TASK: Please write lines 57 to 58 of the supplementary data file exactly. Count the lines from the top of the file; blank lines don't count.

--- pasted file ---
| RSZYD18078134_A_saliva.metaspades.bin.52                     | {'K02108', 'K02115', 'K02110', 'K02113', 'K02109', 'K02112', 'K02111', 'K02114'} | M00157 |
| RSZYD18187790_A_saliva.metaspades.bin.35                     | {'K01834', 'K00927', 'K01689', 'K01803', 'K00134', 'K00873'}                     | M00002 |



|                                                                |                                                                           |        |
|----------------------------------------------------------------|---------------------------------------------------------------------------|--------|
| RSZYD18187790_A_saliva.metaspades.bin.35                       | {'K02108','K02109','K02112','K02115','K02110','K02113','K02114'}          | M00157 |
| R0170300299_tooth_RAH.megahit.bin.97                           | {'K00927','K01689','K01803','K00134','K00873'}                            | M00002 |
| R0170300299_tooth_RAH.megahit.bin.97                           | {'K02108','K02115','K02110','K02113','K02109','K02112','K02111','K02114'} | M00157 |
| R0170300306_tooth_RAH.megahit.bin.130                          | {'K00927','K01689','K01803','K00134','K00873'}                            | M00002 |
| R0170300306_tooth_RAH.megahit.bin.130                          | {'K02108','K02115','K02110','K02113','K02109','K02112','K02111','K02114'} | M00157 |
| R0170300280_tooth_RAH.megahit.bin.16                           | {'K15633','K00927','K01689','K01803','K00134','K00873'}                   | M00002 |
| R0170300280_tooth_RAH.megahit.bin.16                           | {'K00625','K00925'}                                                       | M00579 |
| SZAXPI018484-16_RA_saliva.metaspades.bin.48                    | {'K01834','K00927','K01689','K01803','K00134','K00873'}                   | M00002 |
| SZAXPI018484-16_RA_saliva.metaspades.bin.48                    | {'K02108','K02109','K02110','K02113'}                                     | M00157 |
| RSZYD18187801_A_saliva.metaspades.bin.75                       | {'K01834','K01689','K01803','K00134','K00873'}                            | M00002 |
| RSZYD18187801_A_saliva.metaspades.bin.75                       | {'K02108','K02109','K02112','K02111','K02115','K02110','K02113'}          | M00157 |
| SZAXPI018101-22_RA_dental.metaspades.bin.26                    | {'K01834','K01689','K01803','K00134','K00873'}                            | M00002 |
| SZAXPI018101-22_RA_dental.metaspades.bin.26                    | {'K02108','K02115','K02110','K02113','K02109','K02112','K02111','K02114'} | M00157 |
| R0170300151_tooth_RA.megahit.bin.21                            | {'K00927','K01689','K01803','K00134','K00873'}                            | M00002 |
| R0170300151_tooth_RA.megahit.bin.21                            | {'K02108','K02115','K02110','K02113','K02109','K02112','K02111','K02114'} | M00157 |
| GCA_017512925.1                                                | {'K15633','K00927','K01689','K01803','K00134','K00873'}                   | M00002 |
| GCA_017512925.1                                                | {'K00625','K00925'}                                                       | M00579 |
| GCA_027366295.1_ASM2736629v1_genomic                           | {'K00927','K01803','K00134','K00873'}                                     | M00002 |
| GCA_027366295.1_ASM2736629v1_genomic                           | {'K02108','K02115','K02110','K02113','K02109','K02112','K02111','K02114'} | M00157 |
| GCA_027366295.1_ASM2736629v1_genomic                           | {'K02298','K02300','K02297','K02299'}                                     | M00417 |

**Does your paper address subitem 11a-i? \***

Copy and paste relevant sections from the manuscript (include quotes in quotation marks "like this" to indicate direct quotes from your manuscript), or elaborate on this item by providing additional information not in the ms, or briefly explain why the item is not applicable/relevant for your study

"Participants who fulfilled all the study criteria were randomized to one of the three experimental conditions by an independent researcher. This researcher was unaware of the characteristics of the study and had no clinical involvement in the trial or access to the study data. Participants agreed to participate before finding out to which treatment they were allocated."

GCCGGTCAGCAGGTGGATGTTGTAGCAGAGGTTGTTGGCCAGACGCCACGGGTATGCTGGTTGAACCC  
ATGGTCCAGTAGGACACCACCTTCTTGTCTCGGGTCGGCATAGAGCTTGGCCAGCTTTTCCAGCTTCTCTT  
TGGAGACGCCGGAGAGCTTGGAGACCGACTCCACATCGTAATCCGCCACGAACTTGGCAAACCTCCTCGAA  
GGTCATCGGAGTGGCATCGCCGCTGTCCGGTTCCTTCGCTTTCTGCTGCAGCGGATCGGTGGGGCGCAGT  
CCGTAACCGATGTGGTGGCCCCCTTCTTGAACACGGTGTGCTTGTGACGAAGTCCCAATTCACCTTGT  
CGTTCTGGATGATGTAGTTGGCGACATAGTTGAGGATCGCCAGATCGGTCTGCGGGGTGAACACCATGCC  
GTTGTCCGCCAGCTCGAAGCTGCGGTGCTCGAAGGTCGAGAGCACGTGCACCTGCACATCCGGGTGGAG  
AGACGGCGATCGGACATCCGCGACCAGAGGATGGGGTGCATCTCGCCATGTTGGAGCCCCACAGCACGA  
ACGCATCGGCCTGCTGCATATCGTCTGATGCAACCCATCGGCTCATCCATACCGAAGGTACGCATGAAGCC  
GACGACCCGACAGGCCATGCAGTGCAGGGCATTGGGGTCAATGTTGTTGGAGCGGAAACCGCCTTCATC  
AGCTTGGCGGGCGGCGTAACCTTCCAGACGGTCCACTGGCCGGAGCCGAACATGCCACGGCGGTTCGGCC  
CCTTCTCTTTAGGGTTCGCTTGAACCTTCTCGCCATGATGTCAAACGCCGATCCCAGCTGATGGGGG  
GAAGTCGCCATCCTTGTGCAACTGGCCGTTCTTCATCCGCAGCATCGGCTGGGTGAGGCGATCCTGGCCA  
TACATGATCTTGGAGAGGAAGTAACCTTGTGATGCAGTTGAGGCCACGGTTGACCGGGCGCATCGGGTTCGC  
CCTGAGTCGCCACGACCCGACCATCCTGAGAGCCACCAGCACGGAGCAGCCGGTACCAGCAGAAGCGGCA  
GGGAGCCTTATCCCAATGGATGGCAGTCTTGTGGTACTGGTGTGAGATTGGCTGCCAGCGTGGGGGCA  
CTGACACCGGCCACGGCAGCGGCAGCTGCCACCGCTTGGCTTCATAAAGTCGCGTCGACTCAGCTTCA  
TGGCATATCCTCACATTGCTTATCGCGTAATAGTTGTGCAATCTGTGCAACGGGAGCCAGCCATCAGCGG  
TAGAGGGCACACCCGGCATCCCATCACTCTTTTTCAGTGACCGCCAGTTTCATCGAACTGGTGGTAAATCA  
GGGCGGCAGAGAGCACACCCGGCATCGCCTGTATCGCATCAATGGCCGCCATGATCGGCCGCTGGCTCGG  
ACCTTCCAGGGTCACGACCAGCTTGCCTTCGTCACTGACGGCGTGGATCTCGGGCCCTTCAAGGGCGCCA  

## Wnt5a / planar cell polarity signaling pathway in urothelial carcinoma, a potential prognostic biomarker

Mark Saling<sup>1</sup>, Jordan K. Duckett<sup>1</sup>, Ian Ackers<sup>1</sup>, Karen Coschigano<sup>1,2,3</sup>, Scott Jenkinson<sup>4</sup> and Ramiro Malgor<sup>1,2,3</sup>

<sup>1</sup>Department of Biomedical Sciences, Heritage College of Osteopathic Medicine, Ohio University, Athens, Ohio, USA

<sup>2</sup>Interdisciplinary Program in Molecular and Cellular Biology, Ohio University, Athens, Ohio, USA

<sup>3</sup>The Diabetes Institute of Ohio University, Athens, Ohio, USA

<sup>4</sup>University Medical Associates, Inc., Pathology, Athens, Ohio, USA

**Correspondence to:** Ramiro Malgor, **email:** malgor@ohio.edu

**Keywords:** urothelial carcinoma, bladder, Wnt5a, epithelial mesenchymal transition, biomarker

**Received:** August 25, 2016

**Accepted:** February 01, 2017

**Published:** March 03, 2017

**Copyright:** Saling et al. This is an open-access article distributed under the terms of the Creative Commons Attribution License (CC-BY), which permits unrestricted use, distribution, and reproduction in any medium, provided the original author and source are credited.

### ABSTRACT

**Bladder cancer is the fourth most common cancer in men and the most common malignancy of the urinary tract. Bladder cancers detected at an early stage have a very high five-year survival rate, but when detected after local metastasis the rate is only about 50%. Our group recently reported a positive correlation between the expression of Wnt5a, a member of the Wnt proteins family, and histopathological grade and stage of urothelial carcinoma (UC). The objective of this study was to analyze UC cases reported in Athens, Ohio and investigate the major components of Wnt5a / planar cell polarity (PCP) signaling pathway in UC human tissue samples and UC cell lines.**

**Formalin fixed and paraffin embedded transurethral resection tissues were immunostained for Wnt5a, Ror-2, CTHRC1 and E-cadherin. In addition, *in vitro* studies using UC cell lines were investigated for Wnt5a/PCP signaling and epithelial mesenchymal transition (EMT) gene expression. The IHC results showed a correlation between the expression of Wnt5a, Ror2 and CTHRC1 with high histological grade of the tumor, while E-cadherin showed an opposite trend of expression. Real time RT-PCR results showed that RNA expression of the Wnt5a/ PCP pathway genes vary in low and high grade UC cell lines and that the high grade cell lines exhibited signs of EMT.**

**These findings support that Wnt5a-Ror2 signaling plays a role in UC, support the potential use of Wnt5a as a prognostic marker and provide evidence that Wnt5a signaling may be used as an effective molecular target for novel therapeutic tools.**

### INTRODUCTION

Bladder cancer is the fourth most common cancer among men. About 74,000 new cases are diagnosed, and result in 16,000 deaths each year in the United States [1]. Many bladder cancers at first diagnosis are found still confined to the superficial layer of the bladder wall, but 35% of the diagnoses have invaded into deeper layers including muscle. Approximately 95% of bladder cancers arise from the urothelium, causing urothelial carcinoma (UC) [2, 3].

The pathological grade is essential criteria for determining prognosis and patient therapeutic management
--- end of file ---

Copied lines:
**Received:** August 25, 2016

**Accepted:** February 01, 2017